Long distance librarian

by Mike Stagg

UL’s Peter Ochieng has a vision to transform his Kenyan home village through books.

Photos by Robin May

Peter Ochieng believes reading is the pathway out of poverty and, with his two brothers in his native Kenya and the help of allies in Lafayette, is working to create the first free public library in the region where he grew up.

Ochieng, an assistant professor in UL’s School of Kinesiology who has lived in 10 countries over the past two decades as he’s pursued his academic career, is seeking to collect one million books that he will ship to western Kenya to help break the cycle of poverty that grips the area. He has a shipment ready to go and is working on the logistics now.

Ochieng says he had an epiphany of sorts when he began a course study in Alabama.

“When the professor provided the syllabus, I suggested to my classmates that we go in on a book and share it,” Ochieng recalls. “They said ‘No, we each get our own books here.’ So, sharing books for learning is not the American way, but getting each person a book is.”

Since then, Ochieng has been working to get books into the hands of students in his native village of Ndere, which is located in Siaya County above Lake Victoria in western Kenya.

A former British colony, Kenya is slightly smaller than Texas in size, but has nearly twice the population — about 45 million people, according to the World Fact Book. Its eastern border is the Indian Ocean, where it sits between Somalia and Tanzania.

“[In the U.S.], you have books and the internet, people can learn if they want to,” Ochieng explains. “In my region, there are no books, there is no internet, and in some cases there are no teachers in the schools.”

Ochieng inspects books in a Lafayette storage shed.

Along with his brothers Vincent (an architect) and Patrick (a surveyor), Ochieng is working to establish a free library that would serve the schools and villages in the region. The building is in the design phase. Vincent is negotiating with local authorities over the issue of whether the library will be located on a school campus or be free-standing within the community. Peter sees this as a significant issue because the schools are operated by the national government. He worries that putting the library on school grounds would cede control of the facility to the government.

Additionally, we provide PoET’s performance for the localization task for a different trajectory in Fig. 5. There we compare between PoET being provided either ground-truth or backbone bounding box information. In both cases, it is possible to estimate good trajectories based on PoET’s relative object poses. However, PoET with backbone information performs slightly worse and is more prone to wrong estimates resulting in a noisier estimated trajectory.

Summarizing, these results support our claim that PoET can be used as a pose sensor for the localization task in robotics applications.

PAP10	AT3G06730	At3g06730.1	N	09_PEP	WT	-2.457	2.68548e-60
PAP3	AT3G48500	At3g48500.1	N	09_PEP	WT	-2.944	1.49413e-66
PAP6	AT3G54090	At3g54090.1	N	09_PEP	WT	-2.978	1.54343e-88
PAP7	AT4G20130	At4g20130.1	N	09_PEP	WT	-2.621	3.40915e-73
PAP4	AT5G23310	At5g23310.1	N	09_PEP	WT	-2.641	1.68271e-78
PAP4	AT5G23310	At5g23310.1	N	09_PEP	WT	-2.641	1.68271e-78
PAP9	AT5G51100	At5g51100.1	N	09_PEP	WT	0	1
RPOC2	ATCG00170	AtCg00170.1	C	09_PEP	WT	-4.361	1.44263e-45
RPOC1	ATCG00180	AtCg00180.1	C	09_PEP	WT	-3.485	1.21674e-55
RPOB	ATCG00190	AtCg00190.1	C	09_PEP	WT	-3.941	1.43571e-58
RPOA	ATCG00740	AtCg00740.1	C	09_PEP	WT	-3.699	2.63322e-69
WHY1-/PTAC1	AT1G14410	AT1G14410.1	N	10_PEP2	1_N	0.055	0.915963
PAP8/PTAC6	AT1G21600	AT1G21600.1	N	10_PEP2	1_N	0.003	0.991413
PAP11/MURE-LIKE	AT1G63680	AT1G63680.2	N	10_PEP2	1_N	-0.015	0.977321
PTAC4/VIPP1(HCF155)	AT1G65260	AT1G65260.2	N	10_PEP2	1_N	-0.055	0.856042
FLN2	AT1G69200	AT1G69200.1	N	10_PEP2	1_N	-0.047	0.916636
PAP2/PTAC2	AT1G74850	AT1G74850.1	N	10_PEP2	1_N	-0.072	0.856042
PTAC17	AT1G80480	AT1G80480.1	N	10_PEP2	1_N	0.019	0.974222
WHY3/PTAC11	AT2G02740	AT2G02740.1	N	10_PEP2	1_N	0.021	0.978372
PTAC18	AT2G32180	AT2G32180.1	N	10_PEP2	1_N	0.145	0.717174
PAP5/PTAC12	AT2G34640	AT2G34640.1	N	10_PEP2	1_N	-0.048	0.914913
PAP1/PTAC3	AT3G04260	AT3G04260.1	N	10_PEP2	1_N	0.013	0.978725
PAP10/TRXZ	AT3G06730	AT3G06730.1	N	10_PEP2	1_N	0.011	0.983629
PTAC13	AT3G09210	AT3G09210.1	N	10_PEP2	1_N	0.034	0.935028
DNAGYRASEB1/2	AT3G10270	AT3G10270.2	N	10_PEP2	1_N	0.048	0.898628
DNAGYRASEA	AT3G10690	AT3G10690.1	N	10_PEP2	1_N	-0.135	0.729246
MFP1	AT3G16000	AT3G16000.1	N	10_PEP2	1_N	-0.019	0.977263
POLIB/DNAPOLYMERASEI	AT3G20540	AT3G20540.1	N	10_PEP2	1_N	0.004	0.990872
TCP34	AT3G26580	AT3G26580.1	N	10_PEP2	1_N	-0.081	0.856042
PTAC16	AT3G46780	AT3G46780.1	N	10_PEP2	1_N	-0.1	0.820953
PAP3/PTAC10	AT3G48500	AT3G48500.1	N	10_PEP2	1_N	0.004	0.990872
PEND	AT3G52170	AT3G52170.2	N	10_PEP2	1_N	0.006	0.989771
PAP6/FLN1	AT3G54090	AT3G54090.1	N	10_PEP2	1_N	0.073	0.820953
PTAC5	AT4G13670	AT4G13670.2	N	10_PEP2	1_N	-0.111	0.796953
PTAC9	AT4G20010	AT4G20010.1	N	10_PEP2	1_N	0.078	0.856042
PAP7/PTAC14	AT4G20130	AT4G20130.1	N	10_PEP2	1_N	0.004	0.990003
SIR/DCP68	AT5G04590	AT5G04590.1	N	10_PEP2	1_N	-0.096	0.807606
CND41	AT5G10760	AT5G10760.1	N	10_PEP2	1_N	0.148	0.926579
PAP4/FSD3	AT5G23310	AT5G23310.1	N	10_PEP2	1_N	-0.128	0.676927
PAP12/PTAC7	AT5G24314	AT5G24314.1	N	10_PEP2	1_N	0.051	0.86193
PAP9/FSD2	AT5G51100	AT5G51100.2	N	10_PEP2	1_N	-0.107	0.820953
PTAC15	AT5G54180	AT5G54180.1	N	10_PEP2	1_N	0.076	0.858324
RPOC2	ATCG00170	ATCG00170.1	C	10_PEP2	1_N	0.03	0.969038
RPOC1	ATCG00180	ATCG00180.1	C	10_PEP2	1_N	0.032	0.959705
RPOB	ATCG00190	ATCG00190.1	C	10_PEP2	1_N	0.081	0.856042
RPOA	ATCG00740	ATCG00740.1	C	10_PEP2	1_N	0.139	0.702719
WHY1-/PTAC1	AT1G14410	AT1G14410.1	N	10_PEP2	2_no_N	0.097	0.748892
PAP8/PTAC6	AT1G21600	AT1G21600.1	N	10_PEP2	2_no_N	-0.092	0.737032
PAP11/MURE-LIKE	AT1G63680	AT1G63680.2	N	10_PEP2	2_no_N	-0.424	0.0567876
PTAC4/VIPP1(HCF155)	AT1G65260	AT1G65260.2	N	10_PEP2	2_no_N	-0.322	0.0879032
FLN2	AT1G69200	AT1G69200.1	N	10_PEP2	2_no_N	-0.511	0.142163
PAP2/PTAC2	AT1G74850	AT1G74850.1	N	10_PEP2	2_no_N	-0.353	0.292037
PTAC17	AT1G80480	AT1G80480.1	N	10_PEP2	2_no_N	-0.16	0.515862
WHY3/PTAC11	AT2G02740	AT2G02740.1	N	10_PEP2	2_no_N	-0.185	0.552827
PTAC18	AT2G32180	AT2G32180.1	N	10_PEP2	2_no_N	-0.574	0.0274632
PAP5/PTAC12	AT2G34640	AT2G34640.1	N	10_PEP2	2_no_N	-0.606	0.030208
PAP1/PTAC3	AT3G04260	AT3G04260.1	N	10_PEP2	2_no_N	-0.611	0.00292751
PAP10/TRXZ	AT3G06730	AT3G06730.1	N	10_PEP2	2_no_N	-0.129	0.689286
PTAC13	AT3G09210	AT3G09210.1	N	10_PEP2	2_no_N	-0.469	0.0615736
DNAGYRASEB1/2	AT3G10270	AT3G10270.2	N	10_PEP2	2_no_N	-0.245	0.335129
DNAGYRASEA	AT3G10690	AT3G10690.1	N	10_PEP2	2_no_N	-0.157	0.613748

UL's Ochieng was inspired to ship books back to his home village by a history professor from Nigeria whom he met while working on his doctorate at the University of New Hampshire. After making a small initial shipment home, Ochieng began thinking bigger: During a stint in Australia, he made his first cargo container shipment of books to Kenya.

“About 500,000 books and some trophies and awards went straight into the Port of Mombasa but took about two months to reach the village because they arrived during the rainy season,” Ochieng says.

Ochieng and his wife Elizabeth arrived in Lafayette in the summer of 2016. She teaches chemistry at the university, while he coordinates the School of Kinesiology’s sports management program. The Ochiengs are the parents of three children, the youngest of whom, Crystal, is a student at Our Lady of Fatima. (Two sons are college-age and reside out of state.) Ochieng says students at Fatima and St. Thomas More will conduct book drives this spring to help reach the one million book goal. Ochieng has also spoken with UL President Joe Savoie about the university joining the effort as well.

Currently, Ochieng has books spread across Lafayette. The bulk of them are in a storage facility on Johnston Street, but Ochieng says several rooms of the house he rents from Phil Lank are filled with books, as is some of his office space at the university.

Lank has helped connect Ochieng to the community and to think through networking possibilities that could support the effort.

“A number of Lafayette companies have oil and gas opportunities in western Africa, primarily in Nigeria and Angola,” Lank notes. “But new oil and gas discoveries off Kenya’s coast are opening up new opportunities there. It might be possible to get Kenya representatives here for the next LAGCOE.”

Ochieng is proof of the validity of the concept he is working. His mother is a retired school teacher and his father was a civil servant, but one of the things that had the greatest impact on his own life was a gift from an American to his family.

“There was an American who was in Kenya on business for quite a while and he and my father met through Rotary,” Ochieng says. “When he left to go back to the U.S., he gave my father his set of Encyclopedia Britannica. It was through reading those that my brothers and I began to learn about the West and created my curiosity about other cultures.”

The encyclopedias, Ochieng says, became a draw for people throughout the area.

“Shipping the books is the largest hurdle,” Ochieng says. So, he’s set up a Go Fund Me page —“A million books & A library” — where he is seeking to raise the money needed to make the first shipment of approximately 600,000 books. He says he’s been in touch with shipping firms that are trying to figure the best route to Kenya from here; it’s not a straight shot across the Indian Ocean as was the shipment from Australia.

Ochieng hopes to have that shipment of books headed for Ndere in a month or so.